SOLEs are anti-establishment. They are an insult to the comfortable traditions of teacher-centered education and standardized testing. But this leads to a problem; the stakeholders – students, parents, schools, school boards, and ministries of education across the World are used to those old paradigms, and there is strong resistance to change. It is wonderfully ironic that this learning approach is finding a place in schools, instigated by a growing number of educators pushing bottom-up education reform.
I have been using SOLEs to teach English in Japan since 2016. Currently, I am teaching/facilitating an online SOLE/English course at the Nagoya University of Art and Design. The students, shrugging off status quo bias, have welcomed the unorthodox approach, and they usually prepare and deliver superb English presentations.
Recently, I gave my class a Big Question about Balyaev’s domestication research: “What are the most important lessons of the Farm Fox Experiment?” Have you heard of the Farm Fox Experiment? It’s an extraordinary scientific endeavor that Soviet zoologist Dmitri Balyaev initiated in 1959. He wanted to know more about the domestication process that turned wolves into man’s best friends. He started with some wild silver foxes, and began breeding them. He selected friendlier ones for reproduction. After just a few generations, the foxes he was producing were tame.
The results were remarkable not only for their speed, but more importantly for unintended transformations. There were physical changes in the tamer foxes. New fur patterns appeared. Ears drooped. Snout length changed.
It proved that in canids behavior is connected to physiology at a genetic level. This led to more research, which continues to this day under Balyaev’s student, geneticist Lyudmila Trut.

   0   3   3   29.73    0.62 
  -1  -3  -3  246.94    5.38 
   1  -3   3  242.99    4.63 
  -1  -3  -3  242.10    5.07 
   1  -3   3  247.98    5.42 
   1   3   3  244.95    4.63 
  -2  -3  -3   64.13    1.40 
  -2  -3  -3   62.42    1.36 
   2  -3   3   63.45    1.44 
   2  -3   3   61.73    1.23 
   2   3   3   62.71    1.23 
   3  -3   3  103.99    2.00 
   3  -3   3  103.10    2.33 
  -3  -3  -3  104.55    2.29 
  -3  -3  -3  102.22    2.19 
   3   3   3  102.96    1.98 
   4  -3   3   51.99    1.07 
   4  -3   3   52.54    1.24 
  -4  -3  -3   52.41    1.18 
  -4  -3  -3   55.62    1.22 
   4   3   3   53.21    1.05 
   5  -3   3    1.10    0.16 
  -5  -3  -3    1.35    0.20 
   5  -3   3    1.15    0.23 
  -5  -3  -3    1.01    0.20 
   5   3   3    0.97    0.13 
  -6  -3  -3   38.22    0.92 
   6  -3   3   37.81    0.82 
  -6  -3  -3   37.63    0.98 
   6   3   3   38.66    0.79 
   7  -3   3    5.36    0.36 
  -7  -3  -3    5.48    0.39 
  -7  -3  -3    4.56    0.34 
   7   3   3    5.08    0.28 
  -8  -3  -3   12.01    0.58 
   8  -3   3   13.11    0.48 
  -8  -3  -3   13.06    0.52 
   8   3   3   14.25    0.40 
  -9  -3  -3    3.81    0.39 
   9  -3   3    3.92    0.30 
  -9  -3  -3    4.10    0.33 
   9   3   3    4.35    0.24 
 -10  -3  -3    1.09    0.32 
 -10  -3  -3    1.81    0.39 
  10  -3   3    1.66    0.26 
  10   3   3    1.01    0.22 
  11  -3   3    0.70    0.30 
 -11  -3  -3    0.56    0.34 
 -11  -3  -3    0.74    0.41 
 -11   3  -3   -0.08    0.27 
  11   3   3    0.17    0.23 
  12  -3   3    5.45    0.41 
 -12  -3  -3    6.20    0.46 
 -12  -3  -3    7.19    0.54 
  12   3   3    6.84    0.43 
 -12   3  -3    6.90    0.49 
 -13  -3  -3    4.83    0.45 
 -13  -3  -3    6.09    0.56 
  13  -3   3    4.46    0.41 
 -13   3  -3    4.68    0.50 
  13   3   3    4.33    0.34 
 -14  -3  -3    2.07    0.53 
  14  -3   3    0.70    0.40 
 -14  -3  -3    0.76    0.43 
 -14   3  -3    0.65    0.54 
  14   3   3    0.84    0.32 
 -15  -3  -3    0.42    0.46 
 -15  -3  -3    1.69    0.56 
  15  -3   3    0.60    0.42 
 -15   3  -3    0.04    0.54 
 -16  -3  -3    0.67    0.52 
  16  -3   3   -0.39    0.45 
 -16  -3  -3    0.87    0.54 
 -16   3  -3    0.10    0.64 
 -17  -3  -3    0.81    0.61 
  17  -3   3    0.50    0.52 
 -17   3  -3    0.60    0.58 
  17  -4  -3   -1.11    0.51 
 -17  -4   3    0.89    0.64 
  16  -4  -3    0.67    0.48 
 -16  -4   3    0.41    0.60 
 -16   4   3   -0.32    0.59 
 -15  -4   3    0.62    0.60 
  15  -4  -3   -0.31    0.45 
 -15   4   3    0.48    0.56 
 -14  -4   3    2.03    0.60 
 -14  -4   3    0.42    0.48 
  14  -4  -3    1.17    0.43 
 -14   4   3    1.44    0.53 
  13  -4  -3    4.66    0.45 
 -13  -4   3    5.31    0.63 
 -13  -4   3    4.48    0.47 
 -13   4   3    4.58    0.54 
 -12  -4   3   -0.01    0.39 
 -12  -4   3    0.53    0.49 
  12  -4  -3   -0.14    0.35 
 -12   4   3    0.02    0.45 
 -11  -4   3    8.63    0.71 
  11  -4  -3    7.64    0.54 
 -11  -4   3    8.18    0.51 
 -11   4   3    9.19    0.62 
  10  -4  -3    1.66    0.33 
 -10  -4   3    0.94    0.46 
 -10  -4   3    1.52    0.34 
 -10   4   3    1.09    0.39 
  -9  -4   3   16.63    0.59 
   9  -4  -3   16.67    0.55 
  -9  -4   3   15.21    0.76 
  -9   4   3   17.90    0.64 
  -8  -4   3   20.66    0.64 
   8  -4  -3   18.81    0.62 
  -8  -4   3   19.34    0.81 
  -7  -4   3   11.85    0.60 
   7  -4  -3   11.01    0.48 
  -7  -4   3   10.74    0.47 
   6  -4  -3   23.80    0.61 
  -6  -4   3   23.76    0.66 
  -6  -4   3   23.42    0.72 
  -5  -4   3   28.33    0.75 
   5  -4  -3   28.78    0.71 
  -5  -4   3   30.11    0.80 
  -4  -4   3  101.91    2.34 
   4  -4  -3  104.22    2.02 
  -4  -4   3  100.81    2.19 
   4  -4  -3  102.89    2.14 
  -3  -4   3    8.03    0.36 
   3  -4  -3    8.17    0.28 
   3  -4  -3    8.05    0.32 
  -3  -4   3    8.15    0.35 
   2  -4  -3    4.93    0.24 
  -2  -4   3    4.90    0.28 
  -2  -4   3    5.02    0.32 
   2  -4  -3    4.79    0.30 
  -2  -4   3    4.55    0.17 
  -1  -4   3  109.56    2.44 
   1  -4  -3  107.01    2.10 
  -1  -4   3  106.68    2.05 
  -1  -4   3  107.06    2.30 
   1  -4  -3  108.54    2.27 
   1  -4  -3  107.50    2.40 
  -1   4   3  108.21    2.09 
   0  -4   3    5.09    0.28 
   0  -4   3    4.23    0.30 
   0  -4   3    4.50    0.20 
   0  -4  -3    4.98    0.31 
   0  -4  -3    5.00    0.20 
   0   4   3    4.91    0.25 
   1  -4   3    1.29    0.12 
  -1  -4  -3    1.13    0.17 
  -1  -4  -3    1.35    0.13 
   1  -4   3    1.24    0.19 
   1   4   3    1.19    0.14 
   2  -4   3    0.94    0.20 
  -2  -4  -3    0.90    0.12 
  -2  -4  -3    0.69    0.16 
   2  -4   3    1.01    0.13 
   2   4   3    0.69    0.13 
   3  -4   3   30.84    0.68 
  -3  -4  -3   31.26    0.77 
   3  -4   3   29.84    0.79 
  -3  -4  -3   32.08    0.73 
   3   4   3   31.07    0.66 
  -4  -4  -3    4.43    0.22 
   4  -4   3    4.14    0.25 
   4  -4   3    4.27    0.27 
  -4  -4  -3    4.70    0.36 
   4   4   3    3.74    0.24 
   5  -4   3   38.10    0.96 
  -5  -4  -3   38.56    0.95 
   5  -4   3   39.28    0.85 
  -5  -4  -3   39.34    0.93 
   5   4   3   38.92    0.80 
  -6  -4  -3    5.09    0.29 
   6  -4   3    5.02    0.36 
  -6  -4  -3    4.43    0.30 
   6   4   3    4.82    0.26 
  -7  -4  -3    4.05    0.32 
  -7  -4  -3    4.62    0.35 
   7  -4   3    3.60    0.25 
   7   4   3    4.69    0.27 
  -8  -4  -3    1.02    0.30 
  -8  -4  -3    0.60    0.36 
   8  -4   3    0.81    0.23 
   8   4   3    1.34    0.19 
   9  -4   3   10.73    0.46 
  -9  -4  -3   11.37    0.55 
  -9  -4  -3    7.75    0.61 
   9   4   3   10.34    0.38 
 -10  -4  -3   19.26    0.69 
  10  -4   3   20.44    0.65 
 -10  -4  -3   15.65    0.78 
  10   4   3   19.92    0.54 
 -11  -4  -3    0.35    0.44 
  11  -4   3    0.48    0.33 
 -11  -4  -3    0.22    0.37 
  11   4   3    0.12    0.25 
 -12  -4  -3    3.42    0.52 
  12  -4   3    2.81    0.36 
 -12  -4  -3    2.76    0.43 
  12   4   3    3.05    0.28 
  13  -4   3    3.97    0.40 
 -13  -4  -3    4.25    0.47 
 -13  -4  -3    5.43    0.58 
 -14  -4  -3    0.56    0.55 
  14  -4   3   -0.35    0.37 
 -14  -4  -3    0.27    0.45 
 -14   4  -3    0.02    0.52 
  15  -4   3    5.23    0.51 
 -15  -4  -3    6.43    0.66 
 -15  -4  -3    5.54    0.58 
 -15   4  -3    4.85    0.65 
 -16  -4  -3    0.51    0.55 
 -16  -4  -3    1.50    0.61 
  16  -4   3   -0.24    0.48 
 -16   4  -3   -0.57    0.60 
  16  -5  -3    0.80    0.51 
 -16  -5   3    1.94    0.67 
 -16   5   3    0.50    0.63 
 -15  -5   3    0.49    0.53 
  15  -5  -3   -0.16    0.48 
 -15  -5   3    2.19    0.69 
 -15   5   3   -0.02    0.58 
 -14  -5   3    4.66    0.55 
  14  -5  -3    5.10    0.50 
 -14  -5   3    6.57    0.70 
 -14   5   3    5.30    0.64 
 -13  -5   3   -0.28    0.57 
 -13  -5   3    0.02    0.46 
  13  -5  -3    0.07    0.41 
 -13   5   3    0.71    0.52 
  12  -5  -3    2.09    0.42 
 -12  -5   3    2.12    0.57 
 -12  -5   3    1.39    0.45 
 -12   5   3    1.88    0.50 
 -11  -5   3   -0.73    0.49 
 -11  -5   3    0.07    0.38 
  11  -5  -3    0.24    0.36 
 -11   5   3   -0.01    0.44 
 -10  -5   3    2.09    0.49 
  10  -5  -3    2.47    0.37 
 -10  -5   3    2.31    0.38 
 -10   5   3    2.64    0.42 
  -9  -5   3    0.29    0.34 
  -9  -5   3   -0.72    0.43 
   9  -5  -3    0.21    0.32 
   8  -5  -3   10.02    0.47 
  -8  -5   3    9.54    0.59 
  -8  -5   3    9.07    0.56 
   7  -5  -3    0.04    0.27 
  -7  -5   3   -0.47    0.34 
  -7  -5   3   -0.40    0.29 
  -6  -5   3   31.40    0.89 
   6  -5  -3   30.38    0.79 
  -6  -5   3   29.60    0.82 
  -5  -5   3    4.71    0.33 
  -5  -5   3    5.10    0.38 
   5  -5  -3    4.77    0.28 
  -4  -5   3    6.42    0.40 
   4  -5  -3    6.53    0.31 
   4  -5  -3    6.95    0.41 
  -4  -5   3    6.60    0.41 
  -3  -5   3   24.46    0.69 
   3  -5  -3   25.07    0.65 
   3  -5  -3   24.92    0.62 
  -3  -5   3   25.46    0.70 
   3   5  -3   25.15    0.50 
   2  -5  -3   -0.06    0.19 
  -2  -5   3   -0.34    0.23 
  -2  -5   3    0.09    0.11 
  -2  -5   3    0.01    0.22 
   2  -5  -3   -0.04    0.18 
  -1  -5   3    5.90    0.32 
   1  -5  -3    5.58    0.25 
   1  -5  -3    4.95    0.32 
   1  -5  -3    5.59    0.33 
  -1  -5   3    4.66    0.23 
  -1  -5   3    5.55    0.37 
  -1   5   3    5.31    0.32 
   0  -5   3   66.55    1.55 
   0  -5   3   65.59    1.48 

After 63 years of research, the Russian team has made important discoveries in genetics, neuroscience, psychology and more. There has been a lot written about the experiment, from peer reviewed research to tabloid articles. There is plenty for students to learn. It is an excellent topic for a SOLE.
I have personally long been fascinated by the Farm Fox Experiment. As the educator/facilitator of my university SOLE class, it is my privilege to choose the Big Questions. I try to pick topics that are of general interest. This time, I was somewhat driven by personal interest and a confirmation bias, which I will explain a little later.
My students did not disappoint. They dove into online research and made a fine presentation. They gave me permission to publish the recording (below). Feel free to leave comments either here or on the YouTube page.
I am a dog person. My family has had dogs most of my life. We had a goofy German Shepherd puppy who was like a brother to me when I was just a toddler. After he died, my parents bought or adopted a series of great dogs – some mongrels, some purebred. As an adult, I have had only purebreds: a beagle, a dalmatian, and now a wheaten terrier named Shandy.